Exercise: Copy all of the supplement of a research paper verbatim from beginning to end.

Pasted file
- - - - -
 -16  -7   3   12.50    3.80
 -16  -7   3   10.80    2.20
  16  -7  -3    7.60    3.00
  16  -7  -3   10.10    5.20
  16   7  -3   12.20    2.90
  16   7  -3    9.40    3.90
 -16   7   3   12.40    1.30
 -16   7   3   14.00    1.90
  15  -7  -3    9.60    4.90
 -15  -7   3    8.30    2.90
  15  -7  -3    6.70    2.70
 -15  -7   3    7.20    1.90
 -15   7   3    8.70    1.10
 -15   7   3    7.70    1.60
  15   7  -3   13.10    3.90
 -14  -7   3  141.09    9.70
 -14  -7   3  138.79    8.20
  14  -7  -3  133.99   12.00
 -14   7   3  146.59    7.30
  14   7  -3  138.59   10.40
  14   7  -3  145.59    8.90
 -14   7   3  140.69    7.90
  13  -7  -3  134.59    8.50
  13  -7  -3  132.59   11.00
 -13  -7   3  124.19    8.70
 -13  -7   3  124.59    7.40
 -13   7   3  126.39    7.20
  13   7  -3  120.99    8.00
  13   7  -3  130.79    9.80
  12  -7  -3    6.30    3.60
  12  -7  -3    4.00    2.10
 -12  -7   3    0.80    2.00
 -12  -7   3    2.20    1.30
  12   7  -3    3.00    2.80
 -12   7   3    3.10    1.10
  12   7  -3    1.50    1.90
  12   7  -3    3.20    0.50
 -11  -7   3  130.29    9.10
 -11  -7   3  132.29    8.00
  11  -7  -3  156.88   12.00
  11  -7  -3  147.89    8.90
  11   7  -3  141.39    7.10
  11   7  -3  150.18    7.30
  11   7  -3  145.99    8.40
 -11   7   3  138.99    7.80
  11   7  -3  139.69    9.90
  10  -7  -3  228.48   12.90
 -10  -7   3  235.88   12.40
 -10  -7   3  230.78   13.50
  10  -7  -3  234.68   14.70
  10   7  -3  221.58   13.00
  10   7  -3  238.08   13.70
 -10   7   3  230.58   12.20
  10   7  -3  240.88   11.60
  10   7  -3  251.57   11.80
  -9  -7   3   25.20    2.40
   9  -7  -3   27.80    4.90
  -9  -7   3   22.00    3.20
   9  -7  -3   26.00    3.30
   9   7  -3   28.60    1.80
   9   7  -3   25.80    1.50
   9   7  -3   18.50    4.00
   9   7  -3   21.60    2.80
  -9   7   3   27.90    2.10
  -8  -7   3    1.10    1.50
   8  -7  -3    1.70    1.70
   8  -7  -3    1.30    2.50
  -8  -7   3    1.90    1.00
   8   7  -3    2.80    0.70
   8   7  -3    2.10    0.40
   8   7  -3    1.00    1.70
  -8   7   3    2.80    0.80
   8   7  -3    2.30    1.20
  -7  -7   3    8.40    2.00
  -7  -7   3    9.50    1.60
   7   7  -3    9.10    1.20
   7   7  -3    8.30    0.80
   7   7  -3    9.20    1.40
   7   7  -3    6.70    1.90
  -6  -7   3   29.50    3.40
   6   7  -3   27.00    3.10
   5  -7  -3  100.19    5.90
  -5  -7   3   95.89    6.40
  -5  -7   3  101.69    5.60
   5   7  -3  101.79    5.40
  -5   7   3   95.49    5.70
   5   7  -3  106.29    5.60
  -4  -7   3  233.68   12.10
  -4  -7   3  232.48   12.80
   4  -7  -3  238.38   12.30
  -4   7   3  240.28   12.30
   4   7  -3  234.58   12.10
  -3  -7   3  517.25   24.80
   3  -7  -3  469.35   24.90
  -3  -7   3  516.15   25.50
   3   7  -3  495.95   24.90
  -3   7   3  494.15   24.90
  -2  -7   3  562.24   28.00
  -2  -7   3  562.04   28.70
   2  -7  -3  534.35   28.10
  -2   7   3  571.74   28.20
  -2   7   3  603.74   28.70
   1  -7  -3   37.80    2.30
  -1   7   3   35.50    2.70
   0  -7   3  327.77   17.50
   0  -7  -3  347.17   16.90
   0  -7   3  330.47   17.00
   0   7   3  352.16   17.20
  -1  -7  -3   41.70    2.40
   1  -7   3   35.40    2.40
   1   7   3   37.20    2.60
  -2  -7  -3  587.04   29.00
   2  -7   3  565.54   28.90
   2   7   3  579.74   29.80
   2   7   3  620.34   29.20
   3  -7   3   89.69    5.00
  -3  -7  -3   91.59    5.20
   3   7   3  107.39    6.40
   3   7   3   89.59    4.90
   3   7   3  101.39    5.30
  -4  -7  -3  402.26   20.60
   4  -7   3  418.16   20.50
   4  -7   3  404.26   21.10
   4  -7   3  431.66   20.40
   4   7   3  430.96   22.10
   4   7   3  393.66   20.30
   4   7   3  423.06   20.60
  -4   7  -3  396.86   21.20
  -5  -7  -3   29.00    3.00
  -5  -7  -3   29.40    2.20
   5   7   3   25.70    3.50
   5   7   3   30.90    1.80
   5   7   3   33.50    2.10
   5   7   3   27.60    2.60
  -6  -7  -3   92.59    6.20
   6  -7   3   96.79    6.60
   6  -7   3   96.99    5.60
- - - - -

 -16  -7   3   12.50    3.80
 -16  -7   3   10.80    2.20
  16  -7  -3    7.60    3.00
  16  -7  -3   10.10    5.20
  16   7  -3   12.20    2.90
  16   7  -3    9.40    3.90
 -16   7   3   12.40    1.30
 -16   7   3   14.00    1.90
  15  -7  -3    9.60    4.90
 -15  -7   3    8.30    2.90
  15  -7  -3    6.70    2.70
 -15  -7   3    7.20    1.90
 -15   7   3    8.70    1.10
 -15   7   3    7.70    1.60
  15   7  -3   13.10    3.90
 -14  -7   3  141.09    9.70
 -14  -7   3  138.79    8.20
  14  -7  -3  133.99   12.00
 -14   7   3  146.59    7.30
  14   7  -3  138.59   10.40
  14   7  -3  145.59    8.90
 -14   7   3  140.69    7.90
  13  -7  -3  134.59    8.50
  13  -7  -3  132.59   11.00
 -13  -7   3  124.19    8.70
 -13  -7   3  124.59    7.40
 -13   7   3  126.39    7.20
  13   7  -3  120.99    8.00
  13   7  -3  130.79    9.80
  12  -7  -3    6.30    3.60
  12  -7  -3    4.00    2.10
 -12  -7   3    0.80    2.00
 -12  -7   3    2.20    1.30
  12   7  -3    3.00    2.80
 -12   7   3    3.10    1.10
  12   7  -3    1.50    1.90
  12   7  -3    3.20    0.50
 -11  -7   3  130.29    9.10
 -11  -7   3  132.29    8.00
  11  -7  -3  156.88   12.00
  11  -7  -3  147.89    8.90
  11   7  -3  141.39    7.10
  11   7  -3  150.18    7.30
  11   7  -3  145.99    8.40
 -11   7   3  138.99    7.80
  11   7  -3  139.69    9.90
  10  -7  -3  228.48   12.90
 -10  -7   3  235.88   12.40
 -10  -7   3  230.78   13.50
  10  -7  -3  234.68   14.70
  10   7  -3  221.58   13.00
  10   7  -3  238.08   13.70
 -10   7   3  230.58   12.20
  10   7  -3  240.88   11.60
  10   7  -3  251.57   11.80
  -9  -7   3   25.20    2.40
   9  -7  -3   27.80    4.90
  -9  -7   3   22.00    3.20
   9  -7  -3   26.00    3.30
   9   7  -3   28.60    1.80
   9   7  -3   25.80    1.50
   9   7  -3   18.50    4.00
   9   7  -3   21.60    2.80
  -9   7   3   27.90    2.10
  -8  -7   3    1.10    1.50
   8  -7  -3    1.70    1.70
   8  -7  -3    1.30    2.50
  -8  -7   3    1.90    1.00
   8   7  -3    2.80    0.70
   8   7  -3    2.10    0.40
   8   7  -3    1.00    1.70
  -8   7   3    2.80    0.80
   8   7  -3    2.30    1.20
  -7  -7   3    8.40    2.00
  -7  -7   3    9.50    1.60
   7   7  -3    9.10    1.20
   7   7  -3    8.30    0.80
   7   7  -3    9.20    1.40
   7   7  -3    6.70    1.90
  -6  -7   3   29.50    3.40
   6   7  -3   27.00    3.10
   5  -7  -3  100.19    5.90
  -5  -7   3   95.89    6.40
  -5  -7   3  101.69    5.60
   5   7  -3  101.79    5.40
  -5   7   3   95.49    5.70
   5   7  -3  106.29    5.60
  -4  -7   3  233.68   12.10
  -4  -7   3  232.48   12.80
   4  -7  -3  238.38   12.30
  -4   7   3  240.28   12.30
   4   7  -3  234.58   12.10
  -3  -7   3  517.25   24.80
   3  -7  -3  469.35   24.90
  -3  -7   3  516.15   25.50
   3   7  -3  495.95   24.90
  -3   7   3  494.15   24.90
  -2  -7   3  562.24   28.00
  -2  -7   3  562.04   28.70
   2  -7  -3  534.35   28.10
  -2   7   3  571.74   28.20
  -2   7   3  603.74   28.70
   1  -7  -3   37.80    2.30
  -1   7   3   35.50    2.70
   0  -7   3  327.77   17.50
   0  -7  -3  347.17   16.90
   0  -7   3  330.47   17.00
   0   7   3  352.16   17.20
  -1  -7  -3   41.70    2.40
   1  -7   3   35.40    2.40
   1   7   3   37.20    2.60
  -2  -7  -3  587.04   29.00
   2  -7   3  565.54   28.90
   2   7   3  579.74   29.80
   2   7   3  620.34   29.20
   3  -7   3   89.69    5.00
  -3  -7  -3   91.59    5.20
   3   7   3  107.39    6.40
   3   7   3   89.59    4.90
   3   7   3  101.39    5.30
  -4  -7  -3  402.26   20.60
   4  -7   3  418.16   20.50
   4  -7   3  404.26   21.10
   4  -7   3  431.66   20.40
   4   7   3  430.96   22.10
   4   7   3  393.66   20.30
   4   7   3  423.06   20.60
  -4   7  -3  396.86   21.20
  -5  -7  -3   29.00    3.00
  -5  -7  -3   29.40    2.20
   5   7   3   25.70    3.50
   5   7   3   30.90    1.80
   5   7   3   33.50    2.10
   5   7   3   27.60    2.60
  -6  -7  -3   92.59    6.20
   6  -7   3   96.79    6.60
   6  -7   3   96.99    5.60